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WASHINGTON (AP) — The U.S. Department of Housing and Urban Development’s independent watchdog on Thursday cleared Secretary Ben Carson of any misconduct in connection with the order of a $31,000 dining room set for his office suite.

HUD’s Office of Inspector General launched a probe last year into allegations that Carson violated federal law by authorizing a purchase of more than $5,000 without first notifying congressional appropriations committees, a legal requirement.

HUD obligated $31,561 for the dining set in December 2017. Carson canceled the order in May 2018 after media reports raised questions about the legality of the procurement.

Investigators concluded that the furniture order went forward because career officials determined the existing dining set could not be repaired and should instead be replaced.

Carson said he was “fine” with ordering new furniture but left the particulars to his staff and “stylistic input” to his wife.

Carson told investigators it “seemed like” he was not to spend more than $5,000 on improvements to his office space, but he believed those rules applied only to his personal office and not his suite. He also said he was told there were funds available to replace the 30-year-old dining set.

Investigators “found no evidence indicating that either Secretary or Mrs. Carson exerted improper influence on any departmental employee in connection with the procurement,” the report said.

In an interview with Fox Business Network on Thursday, Carson said the report demonstrates he “had very little to do with the whole story. There’s probably no one in Washington who cares less about furniture than I do.”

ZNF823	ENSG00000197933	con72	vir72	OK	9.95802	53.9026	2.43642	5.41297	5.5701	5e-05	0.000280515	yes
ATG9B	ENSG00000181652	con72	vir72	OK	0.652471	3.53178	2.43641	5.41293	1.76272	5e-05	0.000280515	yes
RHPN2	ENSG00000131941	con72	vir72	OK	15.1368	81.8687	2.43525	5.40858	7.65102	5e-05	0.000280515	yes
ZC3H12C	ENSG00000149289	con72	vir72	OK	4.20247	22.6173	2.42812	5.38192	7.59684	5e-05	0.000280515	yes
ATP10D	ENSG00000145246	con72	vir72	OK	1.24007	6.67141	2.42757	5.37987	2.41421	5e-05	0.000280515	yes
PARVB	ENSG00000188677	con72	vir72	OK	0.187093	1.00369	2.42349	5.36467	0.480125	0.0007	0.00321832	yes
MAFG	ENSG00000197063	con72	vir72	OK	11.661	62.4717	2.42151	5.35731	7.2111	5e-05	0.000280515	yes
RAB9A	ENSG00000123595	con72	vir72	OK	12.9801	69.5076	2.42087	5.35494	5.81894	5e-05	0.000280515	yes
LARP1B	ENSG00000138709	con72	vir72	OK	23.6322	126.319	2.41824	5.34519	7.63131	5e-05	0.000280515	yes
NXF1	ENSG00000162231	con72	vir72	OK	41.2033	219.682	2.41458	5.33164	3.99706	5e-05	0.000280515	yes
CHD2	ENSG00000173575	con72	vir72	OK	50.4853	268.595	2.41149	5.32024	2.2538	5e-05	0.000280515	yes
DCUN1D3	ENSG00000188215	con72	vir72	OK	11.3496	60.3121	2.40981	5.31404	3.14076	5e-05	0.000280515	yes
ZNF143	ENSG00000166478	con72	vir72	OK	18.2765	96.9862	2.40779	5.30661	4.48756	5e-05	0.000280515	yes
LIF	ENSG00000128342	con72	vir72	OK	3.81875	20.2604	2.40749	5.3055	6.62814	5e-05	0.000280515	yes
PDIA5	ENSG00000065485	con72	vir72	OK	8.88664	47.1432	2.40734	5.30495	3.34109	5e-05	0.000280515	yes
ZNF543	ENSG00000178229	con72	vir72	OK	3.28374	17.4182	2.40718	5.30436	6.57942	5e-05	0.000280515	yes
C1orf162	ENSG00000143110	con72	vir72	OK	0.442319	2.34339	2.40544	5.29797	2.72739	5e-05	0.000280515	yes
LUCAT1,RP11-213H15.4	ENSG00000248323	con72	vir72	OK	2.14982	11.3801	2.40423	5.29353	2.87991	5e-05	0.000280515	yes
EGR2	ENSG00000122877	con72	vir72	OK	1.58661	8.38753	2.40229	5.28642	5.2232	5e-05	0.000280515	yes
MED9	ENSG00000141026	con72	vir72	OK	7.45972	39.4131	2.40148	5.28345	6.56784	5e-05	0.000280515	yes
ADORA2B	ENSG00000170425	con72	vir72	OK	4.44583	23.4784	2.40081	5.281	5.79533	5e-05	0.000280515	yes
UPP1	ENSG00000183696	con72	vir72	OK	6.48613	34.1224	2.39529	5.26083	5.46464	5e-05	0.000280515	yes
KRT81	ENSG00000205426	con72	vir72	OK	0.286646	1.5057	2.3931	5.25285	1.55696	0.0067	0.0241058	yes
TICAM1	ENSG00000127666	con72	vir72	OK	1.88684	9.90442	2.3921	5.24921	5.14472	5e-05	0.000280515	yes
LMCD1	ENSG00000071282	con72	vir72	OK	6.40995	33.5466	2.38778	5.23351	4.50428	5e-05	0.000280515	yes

According to federal appropriations law, agency heads or other presidentially appointed officials may not spend more than $5,000 on redecorating or furnishing their offices without first notifying Congress.

Investigators wrote that the department “believed it had a good-faith reason” to purchase new furniture, but the officials who made the order “should have been aware that notification to Congress was required,” and such an oversight indicates “a systemic failure.”

HUD acknowledged that the procurement violated federal appropriations law, adding that the agency has “historically lacked effective internal controls” to make sure all purchases are within legal limits. The IG said the department was working to prevent further violations of the appropriations law.

In May the Government Accountability Office determined the furniture order violated federal law. HUD says it has since addressed longstanding procurement problems and notified the GAO of other possible violations.

A former HUD employee, Helen Foster, filed a complaint against the agency last year. Foster said she was demoted after raising concerns over costly purchases and refusing to comply with a request to “find money.”